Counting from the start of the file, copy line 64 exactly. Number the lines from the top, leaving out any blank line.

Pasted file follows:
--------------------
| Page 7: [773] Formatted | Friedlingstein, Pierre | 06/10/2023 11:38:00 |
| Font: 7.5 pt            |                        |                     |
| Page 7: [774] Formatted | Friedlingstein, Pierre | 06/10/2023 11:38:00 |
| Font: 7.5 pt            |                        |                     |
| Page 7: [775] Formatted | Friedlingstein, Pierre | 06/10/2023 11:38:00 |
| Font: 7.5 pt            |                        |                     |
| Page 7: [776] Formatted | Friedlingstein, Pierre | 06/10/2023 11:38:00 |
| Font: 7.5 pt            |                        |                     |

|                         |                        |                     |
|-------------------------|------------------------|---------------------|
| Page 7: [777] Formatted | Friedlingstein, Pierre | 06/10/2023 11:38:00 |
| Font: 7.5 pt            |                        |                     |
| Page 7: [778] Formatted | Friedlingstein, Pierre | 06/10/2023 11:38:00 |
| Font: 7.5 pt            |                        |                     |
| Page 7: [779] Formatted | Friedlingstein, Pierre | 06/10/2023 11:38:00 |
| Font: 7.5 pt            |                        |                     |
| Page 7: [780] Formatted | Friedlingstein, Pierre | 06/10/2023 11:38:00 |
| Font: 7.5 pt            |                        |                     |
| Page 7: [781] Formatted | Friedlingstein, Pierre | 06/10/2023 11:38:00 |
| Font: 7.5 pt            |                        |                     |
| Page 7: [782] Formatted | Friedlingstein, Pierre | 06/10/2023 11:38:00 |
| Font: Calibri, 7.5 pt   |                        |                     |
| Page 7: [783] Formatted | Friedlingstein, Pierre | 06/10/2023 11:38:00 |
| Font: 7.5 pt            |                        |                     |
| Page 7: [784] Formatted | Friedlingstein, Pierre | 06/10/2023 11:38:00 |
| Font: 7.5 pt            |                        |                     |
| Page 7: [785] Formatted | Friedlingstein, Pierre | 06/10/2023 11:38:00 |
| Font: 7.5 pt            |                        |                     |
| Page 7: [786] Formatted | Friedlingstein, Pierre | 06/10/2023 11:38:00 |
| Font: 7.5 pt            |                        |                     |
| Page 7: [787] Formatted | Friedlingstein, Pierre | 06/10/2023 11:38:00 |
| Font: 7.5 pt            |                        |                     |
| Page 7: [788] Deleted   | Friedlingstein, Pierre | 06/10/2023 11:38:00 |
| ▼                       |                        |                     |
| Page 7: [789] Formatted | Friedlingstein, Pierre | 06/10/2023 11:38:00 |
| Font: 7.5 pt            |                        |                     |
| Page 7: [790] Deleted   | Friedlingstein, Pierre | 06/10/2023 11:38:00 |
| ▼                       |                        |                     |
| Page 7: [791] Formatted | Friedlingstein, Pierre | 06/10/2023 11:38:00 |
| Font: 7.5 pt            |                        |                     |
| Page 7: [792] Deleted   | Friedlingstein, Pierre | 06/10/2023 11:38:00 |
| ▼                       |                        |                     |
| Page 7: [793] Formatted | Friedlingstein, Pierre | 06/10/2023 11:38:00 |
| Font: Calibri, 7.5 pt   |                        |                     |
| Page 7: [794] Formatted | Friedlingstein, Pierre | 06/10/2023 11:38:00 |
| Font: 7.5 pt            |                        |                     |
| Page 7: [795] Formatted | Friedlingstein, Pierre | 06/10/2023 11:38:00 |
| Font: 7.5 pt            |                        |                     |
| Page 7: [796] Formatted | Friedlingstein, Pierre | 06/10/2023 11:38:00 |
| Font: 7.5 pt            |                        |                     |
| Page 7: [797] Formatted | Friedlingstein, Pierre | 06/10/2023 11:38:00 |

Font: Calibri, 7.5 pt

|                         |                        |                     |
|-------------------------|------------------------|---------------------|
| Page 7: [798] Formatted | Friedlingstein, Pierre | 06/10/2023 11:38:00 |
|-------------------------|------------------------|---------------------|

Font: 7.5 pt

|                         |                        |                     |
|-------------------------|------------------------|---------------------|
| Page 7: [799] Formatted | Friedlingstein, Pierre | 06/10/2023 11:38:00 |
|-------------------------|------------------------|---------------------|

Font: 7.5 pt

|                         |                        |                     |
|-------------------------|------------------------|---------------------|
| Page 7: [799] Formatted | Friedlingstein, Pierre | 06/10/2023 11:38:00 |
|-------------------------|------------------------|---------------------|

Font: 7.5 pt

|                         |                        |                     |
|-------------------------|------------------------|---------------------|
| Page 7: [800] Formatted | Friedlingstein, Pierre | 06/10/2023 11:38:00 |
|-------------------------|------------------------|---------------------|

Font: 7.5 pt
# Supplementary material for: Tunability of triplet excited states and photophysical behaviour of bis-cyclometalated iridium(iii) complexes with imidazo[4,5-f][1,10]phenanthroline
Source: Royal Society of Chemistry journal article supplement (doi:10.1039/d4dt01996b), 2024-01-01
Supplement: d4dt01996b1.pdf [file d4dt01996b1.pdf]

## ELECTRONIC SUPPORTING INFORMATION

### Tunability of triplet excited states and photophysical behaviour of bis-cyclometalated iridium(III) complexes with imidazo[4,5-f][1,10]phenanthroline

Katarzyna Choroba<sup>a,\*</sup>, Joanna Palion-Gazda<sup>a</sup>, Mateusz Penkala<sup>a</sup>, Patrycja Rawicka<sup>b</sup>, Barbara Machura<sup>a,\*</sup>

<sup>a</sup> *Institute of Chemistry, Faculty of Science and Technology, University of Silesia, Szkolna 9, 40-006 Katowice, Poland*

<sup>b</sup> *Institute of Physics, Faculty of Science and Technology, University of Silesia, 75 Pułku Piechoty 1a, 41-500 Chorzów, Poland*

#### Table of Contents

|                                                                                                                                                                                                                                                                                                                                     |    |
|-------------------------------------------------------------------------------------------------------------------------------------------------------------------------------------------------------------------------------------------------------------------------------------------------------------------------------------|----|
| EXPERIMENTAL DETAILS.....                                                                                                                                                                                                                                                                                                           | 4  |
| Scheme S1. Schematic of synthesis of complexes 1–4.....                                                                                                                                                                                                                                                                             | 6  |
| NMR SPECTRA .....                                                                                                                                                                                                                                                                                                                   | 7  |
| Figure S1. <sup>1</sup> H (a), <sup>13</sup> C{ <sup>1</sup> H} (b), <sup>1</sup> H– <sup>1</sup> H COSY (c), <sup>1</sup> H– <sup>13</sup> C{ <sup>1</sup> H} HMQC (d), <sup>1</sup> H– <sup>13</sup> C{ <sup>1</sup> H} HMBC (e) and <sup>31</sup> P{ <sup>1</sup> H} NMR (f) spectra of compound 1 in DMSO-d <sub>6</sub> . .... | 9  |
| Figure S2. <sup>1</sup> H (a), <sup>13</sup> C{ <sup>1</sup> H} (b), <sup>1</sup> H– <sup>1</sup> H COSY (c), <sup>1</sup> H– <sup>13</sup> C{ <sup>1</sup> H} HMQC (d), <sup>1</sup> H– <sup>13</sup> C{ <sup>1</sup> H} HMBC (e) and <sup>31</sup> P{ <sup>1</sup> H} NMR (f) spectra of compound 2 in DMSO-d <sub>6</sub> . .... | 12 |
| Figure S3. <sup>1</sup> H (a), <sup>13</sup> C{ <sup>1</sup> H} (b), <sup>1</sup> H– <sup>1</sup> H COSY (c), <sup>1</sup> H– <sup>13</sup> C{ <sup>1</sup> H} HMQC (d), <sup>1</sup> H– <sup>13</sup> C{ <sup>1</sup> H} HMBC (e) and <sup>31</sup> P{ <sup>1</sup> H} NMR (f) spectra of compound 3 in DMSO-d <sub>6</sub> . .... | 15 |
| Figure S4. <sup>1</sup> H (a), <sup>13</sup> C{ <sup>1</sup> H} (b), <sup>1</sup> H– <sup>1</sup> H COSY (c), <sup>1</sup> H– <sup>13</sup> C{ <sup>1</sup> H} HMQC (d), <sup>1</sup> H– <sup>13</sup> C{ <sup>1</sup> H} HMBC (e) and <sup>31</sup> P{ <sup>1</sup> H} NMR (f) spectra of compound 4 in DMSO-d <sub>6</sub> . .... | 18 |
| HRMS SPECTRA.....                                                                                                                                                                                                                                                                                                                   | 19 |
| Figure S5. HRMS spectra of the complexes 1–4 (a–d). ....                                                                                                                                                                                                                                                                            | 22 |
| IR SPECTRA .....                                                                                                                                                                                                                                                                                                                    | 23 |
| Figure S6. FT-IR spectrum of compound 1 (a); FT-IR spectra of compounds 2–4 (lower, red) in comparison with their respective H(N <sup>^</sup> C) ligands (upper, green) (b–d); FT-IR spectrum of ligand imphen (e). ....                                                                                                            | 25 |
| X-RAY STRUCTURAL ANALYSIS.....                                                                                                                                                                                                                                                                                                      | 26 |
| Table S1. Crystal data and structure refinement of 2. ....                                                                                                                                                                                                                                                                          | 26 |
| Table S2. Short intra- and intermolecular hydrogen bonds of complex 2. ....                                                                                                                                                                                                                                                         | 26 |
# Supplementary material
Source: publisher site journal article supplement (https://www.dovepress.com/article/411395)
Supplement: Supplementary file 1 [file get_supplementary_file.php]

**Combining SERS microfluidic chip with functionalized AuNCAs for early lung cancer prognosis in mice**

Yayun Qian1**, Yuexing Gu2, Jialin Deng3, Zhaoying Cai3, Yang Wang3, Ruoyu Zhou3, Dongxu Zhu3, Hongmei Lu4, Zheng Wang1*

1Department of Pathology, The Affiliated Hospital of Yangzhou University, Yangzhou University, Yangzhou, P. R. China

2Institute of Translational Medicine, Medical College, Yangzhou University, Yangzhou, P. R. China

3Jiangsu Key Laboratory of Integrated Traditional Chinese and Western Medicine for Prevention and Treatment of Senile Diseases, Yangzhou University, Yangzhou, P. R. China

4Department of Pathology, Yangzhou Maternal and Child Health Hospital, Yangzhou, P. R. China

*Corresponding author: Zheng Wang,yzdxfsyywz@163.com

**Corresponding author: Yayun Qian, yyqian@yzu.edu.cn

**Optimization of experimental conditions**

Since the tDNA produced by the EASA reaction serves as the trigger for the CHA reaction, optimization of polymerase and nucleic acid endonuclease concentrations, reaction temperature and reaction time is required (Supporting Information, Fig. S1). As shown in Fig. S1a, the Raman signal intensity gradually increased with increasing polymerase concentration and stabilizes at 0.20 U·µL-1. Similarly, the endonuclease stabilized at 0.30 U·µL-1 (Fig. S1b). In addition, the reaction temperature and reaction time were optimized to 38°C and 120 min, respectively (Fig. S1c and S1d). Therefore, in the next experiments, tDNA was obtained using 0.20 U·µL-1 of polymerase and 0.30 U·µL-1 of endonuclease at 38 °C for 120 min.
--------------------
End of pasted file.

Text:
|-------------------------|------------------------|---------------------|